Blue Origin said Sunday that it lost a set of powerpack hardware for its BE-4 engine during a ground test mishap, dealing at least a minor setback to the development of a powerful U.S.-made propulsion system that United Launch Alliance says is the leading candidate to power the first stage of its next-generation Vulcan rocket.
The commercial space company, founded by Amazon.com’s Jeff Bezos, did not disclose details of the test mishap in a tweet announcing the anomaly.
“We lost a set of powerpack test hardware on one of our BE-4 test stands yesterday,” Blue Origin tweeted Sunday. “Not unusual during development.”
Blue Origin tests its engines and rocket hardware at a sprawling ranch owned by Bezos near Van Horn, Texas. In recent weeks, Bezos and Blue Origin officials have hinted that the first full-scale test firing of a BE-4 engine was coming soon.
Two test stands at the West Texas site are available for powerpack testing or full-scale BE-4 engine firings.
The company said it would soon resume testing, following an engineering philosophy aimed at wringing out hardware during extensive testing, instead of a design-focused, software-oriented development approach.
“That’s why we always set up our development programs to be hardware-rich,” Blue Origin tweeted. “Back into testing soon.”
The powerpack includes the turbopumps, valves and other components at the heart of the BE-4 engine. The main turbopump generates 70,000 horsepower from a turbine spinning at 19,000 rpm, pumping cryogenic propellants to pressures of nearly 5,000 psi, according to an email update to Blue Origin followers in March.
The BE-4 engine is designed to generate up to 550,000 pounds of thrust burning a mixture of liquified natural gas, or methane, and liquid oxygen. It is, by far, the largest methane-fueled rocket engine ever built, a risk factor in ULA’s decision to keep a backup engine option available for its new rocket.
Blue Origin’s huge New Glenn rocket, set for a maiden flight in 2020, will use seven BE-4 engines on its first stage.
Tory Bruno, ULA’s president and CEO, said last month that Blue Origin was ahead of Aerojet Rocketdyne in the development of a new rocket engine, which will eventually replace the Russian-made RD-180 powerplant on the launch firm’s Atlas 5 rocket.
The U.S. government and ULA agreed in 2014 to end reliance on Russian propulsion to launch national security and military satellites. The arrival of SpaceX in the launch market also prompted ULA to move to a lower-cost launcher named the Vulcan, retire most versions of its more expensive Delta 4 rocket next year, and phase out the Atlas 5 in the early 2020s.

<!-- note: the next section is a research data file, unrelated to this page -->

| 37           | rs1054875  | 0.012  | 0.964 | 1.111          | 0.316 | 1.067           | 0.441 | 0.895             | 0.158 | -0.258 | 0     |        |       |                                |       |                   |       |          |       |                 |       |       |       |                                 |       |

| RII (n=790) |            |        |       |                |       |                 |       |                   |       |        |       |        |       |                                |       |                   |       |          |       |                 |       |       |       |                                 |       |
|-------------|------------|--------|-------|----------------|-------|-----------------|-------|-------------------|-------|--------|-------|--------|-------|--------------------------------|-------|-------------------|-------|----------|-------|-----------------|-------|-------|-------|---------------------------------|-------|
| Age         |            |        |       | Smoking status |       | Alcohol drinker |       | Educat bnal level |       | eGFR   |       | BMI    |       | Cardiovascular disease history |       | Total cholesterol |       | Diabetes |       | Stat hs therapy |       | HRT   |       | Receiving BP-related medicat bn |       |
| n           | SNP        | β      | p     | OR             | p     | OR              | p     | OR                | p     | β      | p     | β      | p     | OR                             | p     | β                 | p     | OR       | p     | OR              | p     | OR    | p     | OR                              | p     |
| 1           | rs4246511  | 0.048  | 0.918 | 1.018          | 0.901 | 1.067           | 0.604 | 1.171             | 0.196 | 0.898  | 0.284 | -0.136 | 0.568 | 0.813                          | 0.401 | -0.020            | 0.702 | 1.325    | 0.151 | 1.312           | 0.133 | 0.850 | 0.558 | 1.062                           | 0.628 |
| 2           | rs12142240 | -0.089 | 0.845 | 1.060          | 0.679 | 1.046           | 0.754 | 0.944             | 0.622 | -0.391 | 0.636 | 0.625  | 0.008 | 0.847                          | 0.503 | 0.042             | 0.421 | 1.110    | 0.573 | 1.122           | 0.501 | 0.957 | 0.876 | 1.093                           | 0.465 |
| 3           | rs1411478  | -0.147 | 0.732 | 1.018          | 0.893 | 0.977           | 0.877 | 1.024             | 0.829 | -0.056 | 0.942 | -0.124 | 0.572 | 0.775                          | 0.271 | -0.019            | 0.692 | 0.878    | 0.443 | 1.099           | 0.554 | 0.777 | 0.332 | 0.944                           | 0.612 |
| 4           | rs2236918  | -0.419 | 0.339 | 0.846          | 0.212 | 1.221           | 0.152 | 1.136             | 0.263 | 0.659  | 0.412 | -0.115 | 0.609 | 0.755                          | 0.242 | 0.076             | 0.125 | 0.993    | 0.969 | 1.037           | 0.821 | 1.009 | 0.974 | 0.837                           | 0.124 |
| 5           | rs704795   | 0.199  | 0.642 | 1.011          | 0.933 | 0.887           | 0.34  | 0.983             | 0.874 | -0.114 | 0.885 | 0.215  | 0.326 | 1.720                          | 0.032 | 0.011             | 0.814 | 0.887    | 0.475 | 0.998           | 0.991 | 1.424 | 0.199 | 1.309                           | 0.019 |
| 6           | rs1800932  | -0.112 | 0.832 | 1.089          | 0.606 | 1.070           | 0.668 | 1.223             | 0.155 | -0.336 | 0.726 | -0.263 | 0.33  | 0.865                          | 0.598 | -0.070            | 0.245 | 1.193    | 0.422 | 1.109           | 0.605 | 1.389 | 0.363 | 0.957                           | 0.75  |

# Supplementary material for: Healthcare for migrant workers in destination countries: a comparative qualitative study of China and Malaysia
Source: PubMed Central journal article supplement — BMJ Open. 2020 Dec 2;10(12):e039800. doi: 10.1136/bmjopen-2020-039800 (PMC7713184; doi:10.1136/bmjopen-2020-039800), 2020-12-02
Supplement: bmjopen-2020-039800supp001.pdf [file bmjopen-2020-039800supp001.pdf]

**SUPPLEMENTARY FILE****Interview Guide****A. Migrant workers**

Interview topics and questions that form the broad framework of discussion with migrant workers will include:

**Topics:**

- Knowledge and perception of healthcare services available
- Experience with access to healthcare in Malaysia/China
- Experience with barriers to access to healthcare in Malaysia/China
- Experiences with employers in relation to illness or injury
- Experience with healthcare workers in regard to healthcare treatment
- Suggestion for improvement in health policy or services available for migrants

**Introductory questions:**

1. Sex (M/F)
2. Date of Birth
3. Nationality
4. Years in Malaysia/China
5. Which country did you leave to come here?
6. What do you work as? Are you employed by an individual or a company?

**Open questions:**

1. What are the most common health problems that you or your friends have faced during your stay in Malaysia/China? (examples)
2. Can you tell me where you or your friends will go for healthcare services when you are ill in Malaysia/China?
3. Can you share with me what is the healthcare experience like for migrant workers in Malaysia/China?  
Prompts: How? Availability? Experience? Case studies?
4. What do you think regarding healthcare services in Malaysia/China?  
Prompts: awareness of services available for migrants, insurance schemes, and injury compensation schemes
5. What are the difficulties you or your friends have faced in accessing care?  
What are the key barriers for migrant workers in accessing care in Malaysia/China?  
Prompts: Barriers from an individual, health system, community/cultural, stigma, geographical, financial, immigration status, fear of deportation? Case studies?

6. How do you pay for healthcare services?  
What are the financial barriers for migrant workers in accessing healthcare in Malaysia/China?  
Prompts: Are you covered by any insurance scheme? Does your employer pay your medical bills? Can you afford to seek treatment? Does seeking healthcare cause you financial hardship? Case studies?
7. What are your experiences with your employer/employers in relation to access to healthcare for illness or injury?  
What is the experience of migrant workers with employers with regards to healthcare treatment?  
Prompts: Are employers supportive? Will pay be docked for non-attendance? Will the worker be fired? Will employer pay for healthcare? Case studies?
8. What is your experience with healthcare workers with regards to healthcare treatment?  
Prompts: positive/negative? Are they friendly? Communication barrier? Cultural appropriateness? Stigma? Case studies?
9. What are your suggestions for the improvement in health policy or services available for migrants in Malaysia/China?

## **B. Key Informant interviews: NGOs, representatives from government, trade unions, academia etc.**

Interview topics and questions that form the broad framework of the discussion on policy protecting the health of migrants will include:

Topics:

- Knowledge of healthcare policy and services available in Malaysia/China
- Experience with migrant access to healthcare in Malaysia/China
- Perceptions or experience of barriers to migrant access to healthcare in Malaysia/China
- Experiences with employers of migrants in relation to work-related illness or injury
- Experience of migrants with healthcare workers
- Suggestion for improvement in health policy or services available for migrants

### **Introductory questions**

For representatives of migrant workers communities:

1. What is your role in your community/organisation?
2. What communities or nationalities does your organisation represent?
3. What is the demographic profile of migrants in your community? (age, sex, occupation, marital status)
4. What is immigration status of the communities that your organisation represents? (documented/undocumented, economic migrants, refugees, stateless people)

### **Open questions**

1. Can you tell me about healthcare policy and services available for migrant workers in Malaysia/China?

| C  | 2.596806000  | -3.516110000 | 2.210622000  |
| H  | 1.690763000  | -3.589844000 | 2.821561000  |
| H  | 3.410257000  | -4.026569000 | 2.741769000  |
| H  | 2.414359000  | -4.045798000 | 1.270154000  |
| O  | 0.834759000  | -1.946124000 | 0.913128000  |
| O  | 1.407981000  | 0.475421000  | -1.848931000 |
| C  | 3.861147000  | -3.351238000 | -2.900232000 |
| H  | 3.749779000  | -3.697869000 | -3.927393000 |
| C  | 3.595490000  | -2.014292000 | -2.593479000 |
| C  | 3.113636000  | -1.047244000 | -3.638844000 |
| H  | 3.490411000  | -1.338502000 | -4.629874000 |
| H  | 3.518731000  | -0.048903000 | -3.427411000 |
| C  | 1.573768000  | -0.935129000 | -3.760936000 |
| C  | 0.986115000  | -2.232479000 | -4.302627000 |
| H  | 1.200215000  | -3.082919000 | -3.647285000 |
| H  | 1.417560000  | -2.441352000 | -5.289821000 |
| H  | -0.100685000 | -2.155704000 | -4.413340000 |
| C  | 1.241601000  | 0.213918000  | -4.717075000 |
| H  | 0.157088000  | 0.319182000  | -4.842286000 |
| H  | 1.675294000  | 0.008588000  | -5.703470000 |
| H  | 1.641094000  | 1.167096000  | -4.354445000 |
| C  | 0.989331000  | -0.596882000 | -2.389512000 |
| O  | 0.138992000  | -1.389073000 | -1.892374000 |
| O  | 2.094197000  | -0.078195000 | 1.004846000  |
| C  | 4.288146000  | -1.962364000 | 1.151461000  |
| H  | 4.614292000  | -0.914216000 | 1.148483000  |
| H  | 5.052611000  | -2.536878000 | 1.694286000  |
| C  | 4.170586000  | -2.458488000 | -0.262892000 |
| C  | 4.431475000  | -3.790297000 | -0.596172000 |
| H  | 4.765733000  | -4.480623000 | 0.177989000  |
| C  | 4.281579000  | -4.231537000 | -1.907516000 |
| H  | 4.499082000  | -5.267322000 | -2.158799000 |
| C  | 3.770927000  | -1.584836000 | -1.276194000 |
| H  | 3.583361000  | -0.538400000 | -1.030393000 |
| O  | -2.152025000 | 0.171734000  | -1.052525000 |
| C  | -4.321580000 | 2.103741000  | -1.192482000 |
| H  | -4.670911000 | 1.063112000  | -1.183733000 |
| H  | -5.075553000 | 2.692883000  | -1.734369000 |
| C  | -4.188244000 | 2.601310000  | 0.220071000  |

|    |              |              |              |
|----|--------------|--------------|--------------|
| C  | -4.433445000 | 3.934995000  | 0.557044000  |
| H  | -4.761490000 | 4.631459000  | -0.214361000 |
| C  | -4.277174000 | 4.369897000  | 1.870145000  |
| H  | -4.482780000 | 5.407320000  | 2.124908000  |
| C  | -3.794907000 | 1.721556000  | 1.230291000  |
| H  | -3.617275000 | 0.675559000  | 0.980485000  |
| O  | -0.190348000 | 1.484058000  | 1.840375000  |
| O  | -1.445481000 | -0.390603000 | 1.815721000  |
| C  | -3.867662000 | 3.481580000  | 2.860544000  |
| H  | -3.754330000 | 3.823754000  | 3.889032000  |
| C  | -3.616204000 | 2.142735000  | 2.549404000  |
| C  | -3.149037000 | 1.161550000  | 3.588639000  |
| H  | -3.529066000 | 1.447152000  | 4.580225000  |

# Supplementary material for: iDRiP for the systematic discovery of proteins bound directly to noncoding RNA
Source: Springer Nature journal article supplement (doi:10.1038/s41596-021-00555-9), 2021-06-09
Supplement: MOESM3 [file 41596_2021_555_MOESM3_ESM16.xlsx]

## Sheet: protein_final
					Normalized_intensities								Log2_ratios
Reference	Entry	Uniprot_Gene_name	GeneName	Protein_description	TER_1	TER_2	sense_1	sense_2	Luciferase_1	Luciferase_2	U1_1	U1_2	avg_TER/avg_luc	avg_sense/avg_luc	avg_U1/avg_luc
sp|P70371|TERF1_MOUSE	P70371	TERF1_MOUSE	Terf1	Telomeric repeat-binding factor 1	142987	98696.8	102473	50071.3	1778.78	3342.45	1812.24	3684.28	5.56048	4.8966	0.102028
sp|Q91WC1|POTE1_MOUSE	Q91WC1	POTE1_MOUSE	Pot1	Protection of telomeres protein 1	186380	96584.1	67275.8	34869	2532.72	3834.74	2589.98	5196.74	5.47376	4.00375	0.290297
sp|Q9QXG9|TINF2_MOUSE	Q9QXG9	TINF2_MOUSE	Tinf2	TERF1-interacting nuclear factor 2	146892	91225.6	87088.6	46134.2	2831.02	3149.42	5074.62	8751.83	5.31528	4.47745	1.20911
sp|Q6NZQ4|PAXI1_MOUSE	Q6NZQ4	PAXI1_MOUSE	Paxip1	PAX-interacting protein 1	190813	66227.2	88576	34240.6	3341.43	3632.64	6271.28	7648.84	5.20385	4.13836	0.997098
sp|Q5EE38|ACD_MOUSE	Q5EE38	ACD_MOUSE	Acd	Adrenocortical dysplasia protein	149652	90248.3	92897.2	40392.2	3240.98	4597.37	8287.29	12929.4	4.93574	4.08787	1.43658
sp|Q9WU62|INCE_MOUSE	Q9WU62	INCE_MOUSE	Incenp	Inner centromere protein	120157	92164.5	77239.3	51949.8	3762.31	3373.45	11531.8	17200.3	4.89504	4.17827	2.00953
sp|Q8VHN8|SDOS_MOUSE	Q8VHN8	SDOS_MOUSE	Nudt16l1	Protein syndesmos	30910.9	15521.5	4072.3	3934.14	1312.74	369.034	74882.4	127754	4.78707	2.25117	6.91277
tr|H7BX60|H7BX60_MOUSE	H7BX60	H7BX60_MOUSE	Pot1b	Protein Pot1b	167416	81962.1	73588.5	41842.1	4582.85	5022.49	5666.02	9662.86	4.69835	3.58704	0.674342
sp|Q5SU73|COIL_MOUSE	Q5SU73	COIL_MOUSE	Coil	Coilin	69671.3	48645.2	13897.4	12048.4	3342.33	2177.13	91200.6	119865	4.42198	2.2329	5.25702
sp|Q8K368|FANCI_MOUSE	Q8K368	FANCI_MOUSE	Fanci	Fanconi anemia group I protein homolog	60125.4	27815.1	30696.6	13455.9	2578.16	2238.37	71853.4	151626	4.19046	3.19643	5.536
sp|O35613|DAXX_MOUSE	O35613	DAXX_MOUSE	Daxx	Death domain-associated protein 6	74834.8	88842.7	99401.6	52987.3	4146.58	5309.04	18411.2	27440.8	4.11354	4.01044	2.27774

Blue Origin’s BE-4 and Aerojet Rocketdyne’s AR1, which burns the same kerosene/liquid oxygen mixture as the RD-180, are the two candidates to power the Vulcan first stage.
Two BE-4 or two AR1 engines, which produce slightly less thrust than the Blue Origin engine, will be mounted to the base of the Vulcan first stage.
Bruno told reporters last month that ULA would make a final selection of the BE-4, in consultation with the U.S. Air Force, once the engine passes an initial round of full-scale hotfire testing in West Texas.
“Whenever you develop a new liquid rocket engine, if you change the fuel, or if you stay with the same fuel and change the scale of the engine, or if you keep the scale, keep the fuel but change the thermodynamic cycle … Any one of those three variables can create a situation we call combustion instability,” Bruno said.
All three variables are new with the BE-4.
“It’s just like if you went out to start your car (in cold weather), you start it up and it idles rough for a few minutes, and then it warms up and everything’s cool,” he said. “That is actually combustion instability in your car’s engine.
“When a rocket engine is sitting there putting out hundreds of thousands of horsepower, those few seconds can tear your engine up,” Bruno said. “So it’s one of the technical issues we deal with in engine development.
“Blue Origin’s engine is methane,” he added. “This will the largest scale we’ve ever done in methane, therefore, combustion instability is an inherent technical risk.”
The first sequence of BE-4 hotfire tests were expected to tell engineers if the engine has any such hiccups at startup.
“It’s not unusual, by the way, to have some instability when you develop a new engine,” Bruno said. “There are tried and true techniques that you apply to smooth that out. If they work right way, you’re usually home free. I’ve never developed an engine that I didn’t have to tune, but I have been in situations where you tried the tried and true things, then nothing works, and nine months later you’re still stuck. That’s the risk we’re retiring here.”
If ground testing goes according to plan, Blue Origin said its BE-4 engine would be flight-qualified by the end of this year, and production engines would be available for launches in 2019. Aerojet Rocketdyne’s schedule calls for the AR1 engine to be certified by 2019, with an initial launch in 2020.
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